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MU Engineering hosts first-ever FIG Engineering Olympics

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MU Engineering hosts first-ever FIG Engineering Olympics

A judge inspects the status of an egg after it dropped from the top of a ladder in the MU Engineering FIG Olympics.

A judge inspects the status of an egg after it dropped from the top of a ladder in the MU Engineering FIG Olympics. Photo by Shelby Kardell

The MU College of Engineering’s first-ever Freshman Interest Group (FIG) Engineering Olympics were held at the College early in December.

The event, for which student teams had seven minutes to present and demonstrate an engineering project they had planned and constructed during the semester, was the final project for the engineering FIG program.

“It’s a fantastic way for freshman engineering students to learn teamwork, be exposed to the engineering design process and display what they’ve done in a competitive type of way but still with a sense of fun and community,” said Jill Ford, executive director of student programs.

Each of the College of Engineering’s FIGs were separated into three to four teams and each selected a project with pre-established goals. Examples of projects included a water filtration system to produce drinkable water and a prosthetic leg that could walk a certain distance, kick a ball and let the wearer bend down to pick up an item.

Each team had a $25 budget for its project and the opportunity to receive extra credit for using recycled materials. The project was also required to incorporate ethical considerations, such as possible ramifications of the project on the public and the ethicality of the research.

The first round of the competition was held within the FIG classes, where the best projects were chosen from each of engineering’s 15 FIGs to move on to the Olympics for the final round. A panel of three faculty members judged the teams on their presentation, dress, demeanor, delivery and their implementation of learned skills.

“One of my favorites was the prosthetic leg,” said Marty Walker, engineering’s director of administrative services, citing developing nations where many people are missing limbs but have few resources for prosthetics. “That is quite a problem, so it was good to have them see the need for a prosthetic leg, and what it takes to make a prosthetic leg.”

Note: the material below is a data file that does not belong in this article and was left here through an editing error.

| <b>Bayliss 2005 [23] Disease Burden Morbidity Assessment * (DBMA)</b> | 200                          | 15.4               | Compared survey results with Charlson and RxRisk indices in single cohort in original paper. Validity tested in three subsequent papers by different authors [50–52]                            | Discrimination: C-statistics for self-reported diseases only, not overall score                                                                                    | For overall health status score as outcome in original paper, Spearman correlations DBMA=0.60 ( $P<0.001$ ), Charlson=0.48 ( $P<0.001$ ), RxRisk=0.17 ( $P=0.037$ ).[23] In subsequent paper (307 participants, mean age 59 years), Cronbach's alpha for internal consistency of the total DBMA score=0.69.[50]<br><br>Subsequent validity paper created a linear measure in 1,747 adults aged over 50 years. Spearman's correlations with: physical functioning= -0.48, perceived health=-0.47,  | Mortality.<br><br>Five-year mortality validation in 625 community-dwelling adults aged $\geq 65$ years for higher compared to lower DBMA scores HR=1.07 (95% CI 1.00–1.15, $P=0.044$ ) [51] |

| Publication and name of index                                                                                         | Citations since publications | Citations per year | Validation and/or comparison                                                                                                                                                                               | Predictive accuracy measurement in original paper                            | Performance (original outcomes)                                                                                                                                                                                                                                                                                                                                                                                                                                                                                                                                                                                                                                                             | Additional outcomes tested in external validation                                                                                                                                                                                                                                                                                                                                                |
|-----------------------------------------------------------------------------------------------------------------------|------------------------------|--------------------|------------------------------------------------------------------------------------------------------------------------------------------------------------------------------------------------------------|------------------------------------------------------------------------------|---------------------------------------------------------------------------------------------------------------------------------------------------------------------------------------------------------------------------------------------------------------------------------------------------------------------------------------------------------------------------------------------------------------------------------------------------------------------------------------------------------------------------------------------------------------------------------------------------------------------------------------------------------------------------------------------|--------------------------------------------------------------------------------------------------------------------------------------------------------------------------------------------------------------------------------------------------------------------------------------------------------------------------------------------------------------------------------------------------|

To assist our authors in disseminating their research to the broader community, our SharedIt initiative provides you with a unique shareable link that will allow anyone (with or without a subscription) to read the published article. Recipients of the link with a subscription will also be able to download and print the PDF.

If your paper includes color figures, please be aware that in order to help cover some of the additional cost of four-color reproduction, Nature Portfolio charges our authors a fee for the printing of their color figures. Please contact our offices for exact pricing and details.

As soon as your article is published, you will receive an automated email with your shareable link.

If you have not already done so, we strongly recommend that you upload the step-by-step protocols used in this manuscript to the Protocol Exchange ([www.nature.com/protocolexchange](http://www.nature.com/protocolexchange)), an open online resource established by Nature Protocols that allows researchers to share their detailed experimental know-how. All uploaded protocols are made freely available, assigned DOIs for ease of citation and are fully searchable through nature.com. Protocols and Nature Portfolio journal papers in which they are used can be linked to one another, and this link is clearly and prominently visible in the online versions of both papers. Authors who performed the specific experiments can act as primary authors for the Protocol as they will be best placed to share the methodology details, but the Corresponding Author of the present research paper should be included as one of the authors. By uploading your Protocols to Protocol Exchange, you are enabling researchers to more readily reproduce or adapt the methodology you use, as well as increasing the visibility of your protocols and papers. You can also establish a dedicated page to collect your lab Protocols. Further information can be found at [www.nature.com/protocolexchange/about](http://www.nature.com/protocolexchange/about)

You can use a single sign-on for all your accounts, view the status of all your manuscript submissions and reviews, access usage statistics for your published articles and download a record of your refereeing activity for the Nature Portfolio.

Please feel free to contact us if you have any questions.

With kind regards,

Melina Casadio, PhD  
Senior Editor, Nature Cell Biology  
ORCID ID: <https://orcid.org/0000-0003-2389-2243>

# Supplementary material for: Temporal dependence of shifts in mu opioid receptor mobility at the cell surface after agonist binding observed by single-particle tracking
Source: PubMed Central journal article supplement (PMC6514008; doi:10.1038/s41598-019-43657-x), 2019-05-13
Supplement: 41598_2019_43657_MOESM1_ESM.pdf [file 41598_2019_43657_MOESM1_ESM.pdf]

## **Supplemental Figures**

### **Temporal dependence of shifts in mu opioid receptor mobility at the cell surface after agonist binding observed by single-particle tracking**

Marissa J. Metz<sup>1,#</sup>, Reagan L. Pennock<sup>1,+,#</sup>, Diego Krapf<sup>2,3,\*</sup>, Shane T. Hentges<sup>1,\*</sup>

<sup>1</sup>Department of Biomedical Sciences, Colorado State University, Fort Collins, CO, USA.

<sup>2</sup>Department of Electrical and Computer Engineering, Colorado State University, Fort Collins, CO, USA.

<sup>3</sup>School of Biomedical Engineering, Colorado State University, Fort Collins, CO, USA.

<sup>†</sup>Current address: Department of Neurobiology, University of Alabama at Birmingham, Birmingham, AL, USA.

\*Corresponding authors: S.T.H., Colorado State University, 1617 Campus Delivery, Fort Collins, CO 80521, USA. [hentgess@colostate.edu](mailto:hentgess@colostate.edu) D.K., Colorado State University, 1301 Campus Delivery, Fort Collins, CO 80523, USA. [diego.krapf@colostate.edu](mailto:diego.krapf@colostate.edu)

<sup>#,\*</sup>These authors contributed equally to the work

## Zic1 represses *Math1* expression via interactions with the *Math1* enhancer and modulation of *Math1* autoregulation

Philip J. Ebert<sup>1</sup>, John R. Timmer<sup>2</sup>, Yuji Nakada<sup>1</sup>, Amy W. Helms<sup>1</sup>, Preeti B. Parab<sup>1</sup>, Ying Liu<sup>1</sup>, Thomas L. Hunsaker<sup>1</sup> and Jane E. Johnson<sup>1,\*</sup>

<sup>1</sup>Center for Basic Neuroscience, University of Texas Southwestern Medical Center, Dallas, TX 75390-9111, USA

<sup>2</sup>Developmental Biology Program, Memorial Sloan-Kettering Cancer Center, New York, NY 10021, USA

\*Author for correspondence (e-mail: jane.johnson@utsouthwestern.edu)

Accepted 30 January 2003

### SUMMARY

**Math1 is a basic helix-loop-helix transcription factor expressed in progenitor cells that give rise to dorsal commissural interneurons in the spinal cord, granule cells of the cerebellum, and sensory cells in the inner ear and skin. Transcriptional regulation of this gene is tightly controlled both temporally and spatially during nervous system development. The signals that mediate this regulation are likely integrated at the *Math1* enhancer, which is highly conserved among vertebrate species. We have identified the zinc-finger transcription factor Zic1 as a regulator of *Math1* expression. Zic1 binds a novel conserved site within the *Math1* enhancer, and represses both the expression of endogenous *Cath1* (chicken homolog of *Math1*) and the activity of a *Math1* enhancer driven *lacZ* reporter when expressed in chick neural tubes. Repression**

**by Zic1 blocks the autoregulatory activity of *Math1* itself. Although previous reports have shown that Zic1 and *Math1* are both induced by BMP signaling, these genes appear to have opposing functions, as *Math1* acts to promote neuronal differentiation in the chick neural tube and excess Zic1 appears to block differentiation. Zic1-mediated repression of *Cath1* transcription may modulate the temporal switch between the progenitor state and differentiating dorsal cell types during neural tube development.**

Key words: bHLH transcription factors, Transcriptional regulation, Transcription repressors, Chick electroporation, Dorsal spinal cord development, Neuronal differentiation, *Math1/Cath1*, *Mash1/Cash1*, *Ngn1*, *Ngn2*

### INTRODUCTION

However, the social benefit was not the only important aspect of the project. It was important for the teams to explain their development process and to display how they applied engineering principles.

“It was hard to separate the value of the project from the other criteria that we were judging,” said Steve Devlin, program director and assistant dean for the College of Engineering, who acted as one of the judges. “One of the things that’s critical for engineers in today’s society is it’s not enough to be able to solve the problems, you have to be able to communicate your solutions to people.”

The three top-scoring teams were announced during a luncheon held on Monday, Dec. 8, each receiving a gift card as a prize. First place went to the team of Paige Robison, Matthew Barmann, Alex Beck and Logan Kluesner, with their prosthetic leg.

The Engineering Olympics is a change from the catapult launch, the previous engineering FIG final project where FIG teams designed and constructed a catapult that could launch an egg into a frying pan from a distance.

“The catapult was more mechanically focused, and we wanted to really spread it out,” said Ford. “We wanted to try something new where students needed to put a little more time and thought into the development of the project, and the project was incorporated more within the theme and class lessons of the FIG, so that it really ended up being more of a cultivating experience.”

Walker worked closely with each engineering department to develop a diverse list of projects that could fit within each discipline. According to Walker, those involved in the FIG program view the Engineering Olympics as a success and want to continue with it in the future as opposed to the catapult launch.

“These small projects can be completed in a short period of time but also challenge the creative spirit of the student, have the rigor we’re looking for and actually accomplish something,” said Walker. “These young men and women are going to be tomorrow’s leaders, and they will be representing this category of people that really are full of ideas and can change the world. One small idea taken to the right step can make so many other people’s lives so much easier.”

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